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The Washington Independent
The Washington Independent

Dems’ Tax Credit Would Create 200,000 Jobs — Just 10.8 Million Shy of Target

The Economic Policy Institute, a liberal policy shop, has some discouraging news for those hoping the Senate’s jobs bill will put a dent in the nation’s 9.7

Elisa Mueller
Last updated: Jul 31, 2020 | Feb 13, 2010

The Economic Policy Institute, a liberal policy shop, has some discouraging news for those hoping the Senate’s jobs bill will put a dent in the nation’s 9.7 percent unemployment rate: The business tax break at the heart of the bill will lead to the creation of only 200,000 new jobs this year, EPI notes, pointing to numbers crunched by Timothy J. Bartik, senior economist for the Michigan-based Upjohn Institute for Employment Research.* It’s a drop in the bucket relative to the roughly 11 million jobs needed to bring the jobless rate down to pre-recession levels.

Bartik explains why the Democrats’ business tax exemption for new hires won’t go as far as some might hope:

Limiting the credit to 6.2% for the rest of 2010 also limits the credit’s effectiveness at creating new jobs. For many employers, such a limited credit will be too small to change employer hiring behavior. For example, if an employer is not in a position to even consider expansion until the last quarter of 2010, it is difficult to believe that a 6.2% hiring credit for the final three months of the year will have much effect on their decision about how many hires to make.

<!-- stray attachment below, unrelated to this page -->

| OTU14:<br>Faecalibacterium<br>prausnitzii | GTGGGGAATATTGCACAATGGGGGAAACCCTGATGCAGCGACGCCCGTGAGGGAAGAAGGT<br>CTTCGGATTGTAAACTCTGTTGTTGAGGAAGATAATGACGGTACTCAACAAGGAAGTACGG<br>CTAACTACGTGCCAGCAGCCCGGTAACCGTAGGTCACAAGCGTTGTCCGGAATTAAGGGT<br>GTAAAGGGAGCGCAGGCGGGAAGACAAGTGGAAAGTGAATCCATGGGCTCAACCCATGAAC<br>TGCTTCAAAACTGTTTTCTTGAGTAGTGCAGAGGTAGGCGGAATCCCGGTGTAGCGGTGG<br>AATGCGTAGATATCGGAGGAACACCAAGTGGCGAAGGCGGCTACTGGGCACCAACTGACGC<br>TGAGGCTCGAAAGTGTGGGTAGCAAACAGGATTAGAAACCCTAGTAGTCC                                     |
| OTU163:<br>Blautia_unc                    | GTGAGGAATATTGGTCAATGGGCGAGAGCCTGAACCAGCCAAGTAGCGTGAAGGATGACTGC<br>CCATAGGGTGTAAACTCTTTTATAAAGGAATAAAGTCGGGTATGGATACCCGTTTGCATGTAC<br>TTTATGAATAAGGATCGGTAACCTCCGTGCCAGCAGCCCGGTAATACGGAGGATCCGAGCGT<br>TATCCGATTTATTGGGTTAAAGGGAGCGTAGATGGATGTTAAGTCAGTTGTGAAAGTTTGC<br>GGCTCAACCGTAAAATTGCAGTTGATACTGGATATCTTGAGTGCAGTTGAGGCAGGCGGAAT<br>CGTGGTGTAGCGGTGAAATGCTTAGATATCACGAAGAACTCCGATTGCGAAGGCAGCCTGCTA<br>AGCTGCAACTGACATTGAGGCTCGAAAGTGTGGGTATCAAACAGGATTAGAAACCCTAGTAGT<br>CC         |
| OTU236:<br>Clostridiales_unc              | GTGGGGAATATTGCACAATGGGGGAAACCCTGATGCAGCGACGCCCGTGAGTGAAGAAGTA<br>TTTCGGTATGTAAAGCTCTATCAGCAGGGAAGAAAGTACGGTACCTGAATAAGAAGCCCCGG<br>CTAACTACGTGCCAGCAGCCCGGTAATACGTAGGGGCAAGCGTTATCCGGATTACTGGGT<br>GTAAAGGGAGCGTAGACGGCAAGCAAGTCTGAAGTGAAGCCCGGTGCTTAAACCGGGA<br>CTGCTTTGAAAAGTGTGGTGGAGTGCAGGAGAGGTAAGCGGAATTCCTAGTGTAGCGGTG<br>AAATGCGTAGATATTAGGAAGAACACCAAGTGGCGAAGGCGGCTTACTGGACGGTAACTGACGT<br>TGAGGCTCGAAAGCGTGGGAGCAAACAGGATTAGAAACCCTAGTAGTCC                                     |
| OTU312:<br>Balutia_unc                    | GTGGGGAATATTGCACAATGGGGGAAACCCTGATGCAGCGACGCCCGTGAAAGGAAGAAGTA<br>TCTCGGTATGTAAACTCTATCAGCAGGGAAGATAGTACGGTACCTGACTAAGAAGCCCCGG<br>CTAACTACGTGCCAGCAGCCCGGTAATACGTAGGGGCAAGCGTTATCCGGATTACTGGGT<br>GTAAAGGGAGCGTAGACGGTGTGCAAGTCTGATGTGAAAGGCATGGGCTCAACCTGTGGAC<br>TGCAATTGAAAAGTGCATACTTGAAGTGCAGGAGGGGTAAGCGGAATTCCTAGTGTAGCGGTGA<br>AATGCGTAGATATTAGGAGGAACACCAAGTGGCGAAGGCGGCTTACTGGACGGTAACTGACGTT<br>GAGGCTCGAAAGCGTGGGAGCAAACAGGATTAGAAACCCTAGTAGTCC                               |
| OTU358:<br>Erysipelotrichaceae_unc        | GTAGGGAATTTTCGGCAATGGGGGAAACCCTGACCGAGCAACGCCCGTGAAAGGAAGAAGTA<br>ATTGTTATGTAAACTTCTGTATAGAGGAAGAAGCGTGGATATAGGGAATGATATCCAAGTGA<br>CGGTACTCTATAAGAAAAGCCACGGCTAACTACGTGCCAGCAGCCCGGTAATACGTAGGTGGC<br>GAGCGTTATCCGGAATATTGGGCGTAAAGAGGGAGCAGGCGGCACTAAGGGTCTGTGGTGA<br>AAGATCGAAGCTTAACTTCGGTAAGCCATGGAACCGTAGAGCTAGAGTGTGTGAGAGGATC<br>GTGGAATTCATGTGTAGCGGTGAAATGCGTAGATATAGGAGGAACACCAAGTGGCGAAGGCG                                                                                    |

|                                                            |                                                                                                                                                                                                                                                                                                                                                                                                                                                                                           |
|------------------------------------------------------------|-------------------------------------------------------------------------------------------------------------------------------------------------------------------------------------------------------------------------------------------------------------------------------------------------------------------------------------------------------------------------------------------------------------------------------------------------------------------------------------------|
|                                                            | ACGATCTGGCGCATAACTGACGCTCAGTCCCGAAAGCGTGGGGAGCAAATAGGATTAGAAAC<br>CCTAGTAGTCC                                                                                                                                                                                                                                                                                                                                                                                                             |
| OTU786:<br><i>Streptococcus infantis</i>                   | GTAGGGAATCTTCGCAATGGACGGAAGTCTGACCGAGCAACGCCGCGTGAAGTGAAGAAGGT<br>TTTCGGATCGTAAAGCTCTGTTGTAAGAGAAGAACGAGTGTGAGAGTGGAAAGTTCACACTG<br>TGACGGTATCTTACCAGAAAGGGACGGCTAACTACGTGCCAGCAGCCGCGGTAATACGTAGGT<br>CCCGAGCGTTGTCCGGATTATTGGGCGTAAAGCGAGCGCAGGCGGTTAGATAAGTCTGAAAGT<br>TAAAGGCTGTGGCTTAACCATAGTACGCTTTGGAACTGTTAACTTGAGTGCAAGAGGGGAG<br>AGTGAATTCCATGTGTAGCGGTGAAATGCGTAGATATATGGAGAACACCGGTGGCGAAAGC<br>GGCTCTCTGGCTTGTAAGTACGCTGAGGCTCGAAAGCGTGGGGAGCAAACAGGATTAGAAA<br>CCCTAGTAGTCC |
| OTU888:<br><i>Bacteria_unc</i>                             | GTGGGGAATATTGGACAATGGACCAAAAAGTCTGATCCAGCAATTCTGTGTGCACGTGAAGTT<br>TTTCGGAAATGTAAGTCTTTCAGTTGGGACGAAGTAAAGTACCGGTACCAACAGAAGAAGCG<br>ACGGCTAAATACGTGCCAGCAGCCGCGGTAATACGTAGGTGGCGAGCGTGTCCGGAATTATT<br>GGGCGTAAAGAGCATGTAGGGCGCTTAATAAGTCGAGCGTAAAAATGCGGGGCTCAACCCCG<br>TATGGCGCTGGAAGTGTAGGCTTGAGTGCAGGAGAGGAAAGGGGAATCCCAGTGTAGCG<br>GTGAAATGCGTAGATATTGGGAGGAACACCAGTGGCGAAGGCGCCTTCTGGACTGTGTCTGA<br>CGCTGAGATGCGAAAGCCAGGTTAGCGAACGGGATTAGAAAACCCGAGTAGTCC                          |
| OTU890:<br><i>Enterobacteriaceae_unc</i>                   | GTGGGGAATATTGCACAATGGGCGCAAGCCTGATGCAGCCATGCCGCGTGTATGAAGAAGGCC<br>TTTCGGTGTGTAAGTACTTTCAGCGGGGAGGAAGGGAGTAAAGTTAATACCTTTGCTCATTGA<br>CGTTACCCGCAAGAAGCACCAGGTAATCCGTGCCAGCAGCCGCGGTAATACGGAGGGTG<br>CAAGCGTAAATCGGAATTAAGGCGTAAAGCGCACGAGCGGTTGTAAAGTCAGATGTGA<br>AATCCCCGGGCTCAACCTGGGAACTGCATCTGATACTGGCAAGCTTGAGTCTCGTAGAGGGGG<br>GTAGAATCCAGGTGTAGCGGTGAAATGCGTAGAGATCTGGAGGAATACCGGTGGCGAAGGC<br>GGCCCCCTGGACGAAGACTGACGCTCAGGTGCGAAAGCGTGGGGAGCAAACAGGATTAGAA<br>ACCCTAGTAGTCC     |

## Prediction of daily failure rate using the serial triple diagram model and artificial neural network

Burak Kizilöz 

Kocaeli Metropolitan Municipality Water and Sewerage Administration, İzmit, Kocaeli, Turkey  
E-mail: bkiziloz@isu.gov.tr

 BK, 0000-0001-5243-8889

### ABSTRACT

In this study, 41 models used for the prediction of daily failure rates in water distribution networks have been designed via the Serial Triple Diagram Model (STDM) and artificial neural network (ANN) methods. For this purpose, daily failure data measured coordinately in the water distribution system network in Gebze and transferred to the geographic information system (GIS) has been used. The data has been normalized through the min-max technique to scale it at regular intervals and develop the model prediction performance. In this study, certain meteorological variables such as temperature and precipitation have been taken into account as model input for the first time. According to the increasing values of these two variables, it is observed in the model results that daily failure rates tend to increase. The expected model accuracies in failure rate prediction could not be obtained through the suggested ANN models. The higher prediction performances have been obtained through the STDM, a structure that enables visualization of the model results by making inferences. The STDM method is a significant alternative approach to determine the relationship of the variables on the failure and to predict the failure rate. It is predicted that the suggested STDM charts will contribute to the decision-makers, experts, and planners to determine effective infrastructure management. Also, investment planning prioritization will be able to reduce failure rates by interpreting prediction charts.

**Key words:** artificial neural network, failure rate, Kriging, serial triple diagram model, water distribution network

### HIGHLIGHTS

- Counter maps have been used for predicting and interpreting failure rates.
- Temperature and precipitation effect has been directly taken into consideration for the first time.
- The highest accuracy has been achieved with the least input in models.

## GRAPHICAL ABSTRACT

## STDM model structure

Additionally, Bartik warns, the Senate proposal would offer the tax break for all new hires, even when companies simultaneously lay off other workers. By contrast, the White House has proposed a plan to lend the credit only in cases of net job creation. Which, of course, is only the whole point.

**Correction: An earlier version of this post incorrectly named Bartik an EPI economist. Thanks to Mr. Bartik for pointing out the error. *

Elisa Mueller | Elisa Mueller was born in Kansas City, Missouri, to a mother who taught reading and a father who taught film. As a result, she spent an excessive amount of her childhood reading books and watching movies. She went to the University of Kansas for college, where she earned bachelor's degrees in English and journalism. She moved to New York City and worked for Entertainment Weekly magazine for ten years, visiting film sets all over the world.


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